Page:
Ten years after The Siege, Anna, Andrei and Kolya live a happy contended life. The horrors of the siege and the war are slowly fading away and they look forward to the small joys of life like a lazy weekend at the dacha and the hospital ball. And then terror strikes again, this time in the form of stupidity. Yes, there is no other word to describe it, and I shudder when I realise that this kind of stupidity is not just pure fiction.

Andrei gets pulled into treating a little boy with a cancerous growth, the boy being the son of a highly placed dangerous police officer with the MGB. Cancer does its thing and the father, a paranoid Stalin era idiot, sees conspiracy. He sees saboteurs, spies , Jews and everything else in a what is infact a disease that god, a god they are not allowed to believe in, is to be blamed for.

The book takes you into the depths of the horror that is the Lubyanka in Moscow where people are mercilessly thrown  into for their crimes, crimes as shocking as ‘insufficient vigilance’. Don’t report an anti govt joke made at a party? Get a year in prison. Solitary confinement where people communicate through soap impressions and attempt toilet paper scribbles. Cells as large as cupboards where you’re not allowed to sit or even lean against a wall and conveyor belt interrogations that last for days.

And then it also takes you to a safe dacha in the village where there’s a new life being born. And a much awaited death, a death that brings hope.

 

 

The Second Lady- Irving Wallace : 21/52

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I read The Second Lady long long ago, but the book was missing the last few pages. However after that initial torment for a few days, I have managed to live all this while without knowing what happened the moment the two women stepped off the plane. And somehow after all these years, something made me want to find out.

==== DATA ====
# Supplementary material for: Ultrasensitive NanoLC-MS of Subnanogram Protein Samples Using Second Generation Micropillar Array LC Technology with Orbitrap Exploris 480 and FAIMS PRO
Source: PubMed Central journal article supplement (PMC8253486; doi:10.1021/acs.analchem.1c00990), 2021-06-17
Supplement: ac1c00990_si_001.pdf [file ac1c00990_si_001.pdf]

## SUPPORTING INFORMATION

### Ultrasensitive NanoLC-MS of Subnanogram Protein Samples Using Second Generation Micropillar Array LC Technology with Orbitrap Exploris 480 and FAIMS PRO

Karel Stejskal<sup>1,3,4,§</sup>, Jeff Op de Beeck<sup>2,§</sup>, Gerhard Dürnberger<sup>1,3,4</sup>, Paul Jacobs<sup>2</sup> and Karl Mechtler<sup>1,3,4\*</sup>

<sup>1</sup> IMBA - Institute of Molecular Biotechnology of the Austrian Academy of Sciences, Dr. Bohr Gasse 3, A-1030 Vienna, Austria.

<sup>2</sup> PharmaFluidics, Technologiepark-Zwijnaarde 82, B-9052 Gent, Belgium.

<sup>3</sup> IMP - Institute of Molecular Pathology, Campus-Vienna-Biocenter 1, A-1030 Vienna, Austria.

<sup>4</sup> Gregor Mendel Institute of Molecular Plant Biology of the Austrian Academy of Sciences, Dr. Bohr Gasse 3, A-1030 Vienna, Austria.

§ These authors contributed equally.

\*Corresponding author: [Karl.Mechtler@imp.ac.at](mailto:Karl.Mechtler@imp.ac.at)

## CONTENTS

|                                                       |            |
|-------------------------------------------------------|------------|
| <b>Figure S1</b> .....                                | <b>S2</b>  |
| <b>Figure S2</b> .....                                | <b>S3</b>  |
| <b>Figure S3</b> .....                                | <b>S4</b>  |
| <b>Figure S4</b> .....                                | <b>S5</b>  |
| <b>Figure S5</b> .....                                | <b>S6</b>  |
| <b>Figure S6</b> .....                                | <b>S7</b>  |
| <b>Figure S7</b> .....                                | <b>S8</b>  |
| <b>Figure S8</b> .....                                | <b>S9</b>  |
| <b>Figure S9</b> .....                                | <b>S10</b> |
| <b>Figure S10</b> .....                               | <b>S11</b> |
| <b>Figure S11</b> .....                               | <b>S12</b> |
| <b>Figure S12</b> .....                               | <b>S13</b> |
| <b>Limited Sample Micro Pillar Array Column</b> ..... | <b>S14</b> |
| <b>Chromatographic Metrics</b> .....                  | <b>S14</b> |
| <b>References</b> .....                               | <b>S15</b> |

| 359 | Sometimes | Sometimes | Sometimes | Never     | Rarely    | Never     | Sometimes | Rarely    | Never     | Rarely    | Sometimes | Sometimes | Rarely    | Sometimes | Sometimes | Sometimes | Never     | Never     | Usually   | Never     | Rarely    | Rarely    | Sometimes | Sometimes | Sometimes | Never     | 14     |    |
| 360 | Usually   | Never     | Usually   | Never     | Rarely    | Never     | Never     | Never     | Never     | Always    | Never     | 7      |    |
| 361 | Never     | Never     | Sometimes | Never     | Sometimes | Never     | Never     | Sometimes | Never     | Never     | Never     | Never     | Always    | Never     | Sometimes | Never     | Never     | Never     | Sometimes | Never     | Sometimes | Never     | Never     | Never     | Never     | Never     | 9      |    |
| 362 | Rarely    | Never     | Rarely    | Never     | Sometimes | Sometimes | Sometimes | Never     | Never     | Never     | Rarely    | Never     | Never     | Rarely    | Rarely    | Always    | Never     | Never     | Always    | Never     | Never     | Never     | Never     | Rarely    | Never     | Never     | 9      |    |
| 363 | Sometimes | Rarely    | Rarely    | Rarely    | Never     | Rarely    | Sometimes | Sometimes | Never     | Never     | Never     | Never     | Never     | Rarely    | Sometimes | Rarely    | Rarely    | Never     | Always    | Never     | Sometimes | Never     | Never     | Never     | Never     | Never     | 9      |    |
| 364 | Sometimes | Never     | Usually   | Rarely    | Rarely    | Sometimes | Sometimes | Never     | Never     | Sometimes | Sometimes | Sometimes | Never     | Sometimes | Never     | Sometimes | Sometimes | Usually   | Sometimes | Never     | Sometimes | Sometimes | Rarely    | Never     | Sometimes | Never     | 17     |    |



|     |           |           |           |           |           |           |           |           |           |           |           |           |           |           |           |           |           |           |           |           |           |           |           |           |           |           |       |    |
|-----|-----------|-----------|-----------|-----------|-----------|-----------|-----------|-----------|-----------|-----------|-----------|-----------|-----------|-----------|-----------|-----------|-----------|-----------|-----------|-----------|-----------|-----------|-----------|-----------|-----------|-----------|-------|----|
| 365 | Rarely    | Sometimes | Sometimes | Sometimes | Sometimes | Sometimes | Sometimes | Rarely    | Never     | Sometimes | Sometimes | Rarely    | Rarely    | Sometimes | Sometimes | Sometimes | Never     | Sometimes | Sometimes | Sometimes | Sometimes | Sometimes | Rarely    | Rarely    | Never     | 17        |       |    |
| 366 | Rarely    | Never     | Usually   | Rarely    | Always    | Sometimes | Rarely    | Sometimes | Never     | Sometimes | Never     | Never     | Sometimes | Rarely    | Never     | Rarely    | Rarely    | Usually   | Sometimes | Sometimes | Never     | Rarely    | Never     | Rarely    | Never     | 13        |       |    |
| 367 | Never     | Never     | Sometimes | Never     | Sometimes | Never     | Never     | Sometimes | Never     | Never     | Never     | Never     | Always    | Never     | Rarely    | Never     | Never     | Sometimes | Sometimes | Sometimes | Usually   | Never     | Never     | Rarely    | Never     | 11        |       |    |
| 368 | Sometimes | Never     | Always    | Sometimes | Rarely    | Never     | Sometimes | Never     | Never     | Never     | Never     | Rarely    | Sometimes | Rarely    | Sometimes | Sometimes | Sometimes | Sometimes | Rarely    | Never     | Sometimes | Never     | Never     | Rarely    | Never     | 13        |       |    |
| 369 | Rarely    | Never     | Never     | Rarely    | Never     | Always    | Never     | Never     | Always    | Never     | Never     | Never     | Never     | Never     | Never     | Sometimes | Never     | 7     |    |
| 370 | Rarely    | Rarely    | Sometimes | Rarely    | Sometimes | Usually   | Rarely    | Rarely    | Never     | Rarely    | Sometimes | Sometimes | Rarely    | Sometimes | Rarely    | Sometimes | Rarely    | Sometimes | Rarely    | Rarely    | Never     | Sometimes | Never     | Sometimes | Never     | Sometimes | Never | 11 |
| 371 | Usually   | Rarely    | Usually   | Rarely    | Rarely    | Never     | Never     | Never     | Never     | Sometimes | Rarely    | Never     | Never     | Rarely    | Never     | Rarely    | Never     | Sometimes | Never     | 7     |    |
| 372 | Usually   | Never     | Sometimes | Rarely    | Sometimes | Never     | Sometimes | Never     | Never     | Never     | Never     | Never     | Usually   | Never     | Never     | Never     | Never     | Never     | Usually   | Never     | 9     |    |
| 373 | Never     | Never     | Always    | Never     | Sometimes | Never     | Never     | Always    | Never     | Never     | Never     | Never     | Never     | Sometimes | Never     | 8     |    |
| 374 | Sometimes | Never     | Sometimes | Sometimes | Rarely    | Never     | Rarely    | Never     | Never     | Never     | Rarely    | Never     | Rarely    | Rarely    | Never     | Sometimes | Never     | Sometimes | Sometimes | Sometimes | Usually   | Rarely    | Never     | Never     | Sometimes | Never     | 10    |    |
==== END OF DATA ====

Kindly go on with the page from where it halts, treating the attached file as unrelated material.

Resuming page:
Maybe it is not cool to say that you like Irving Wallace and such authors these days, you got to be snooty and read authors like <insert Cool Author name> to be with it. But hey, I like masala and I will not lie.
A classic USA-USSR thriller. The Soviets embark on an unbelievably bizzare plan to replace the American First Lady with a look alike, an actress with a strong resemblance  and been tweaked to perfection over the past three years. The replacement happens, the impersonator embarks on her role of a lifetime and the pages turn themselves. It is a USA-USSR game, so you already know who will win. But how they win is what makes it a page turner. The Soviets are ugly, potato nosed people. Their First Lady is fat and housewife-looking. Their food is vomituous, their alcohol is bitter. Americans on the other hand are handsome and glamourous. They are sexy and clever. Well ofcourse. And then there is a half-American KGB agent whose loyalties lie with the Soviets but heart lies with the Americans. So he is the  man who has a change of heart, the goodbad guy whom you root for.  A lot of twists, turns, mind games and sex later the book ends in a nailbiting climax. And this time, I know what happened in the end. Or do I?
It was written in 1980, so you can’t read it with an internet age mindset. But the plot unravels  smoothly and there aren’t too many laughable loopholes that will make you roll your eyes.

The sore point between the Russians and Americans in this book is a small uranium rich African country called Boende. And today, when Russia and America are at it again,unfriending each other over Crimea, this book makes it seem like nothing has actually changed in the world.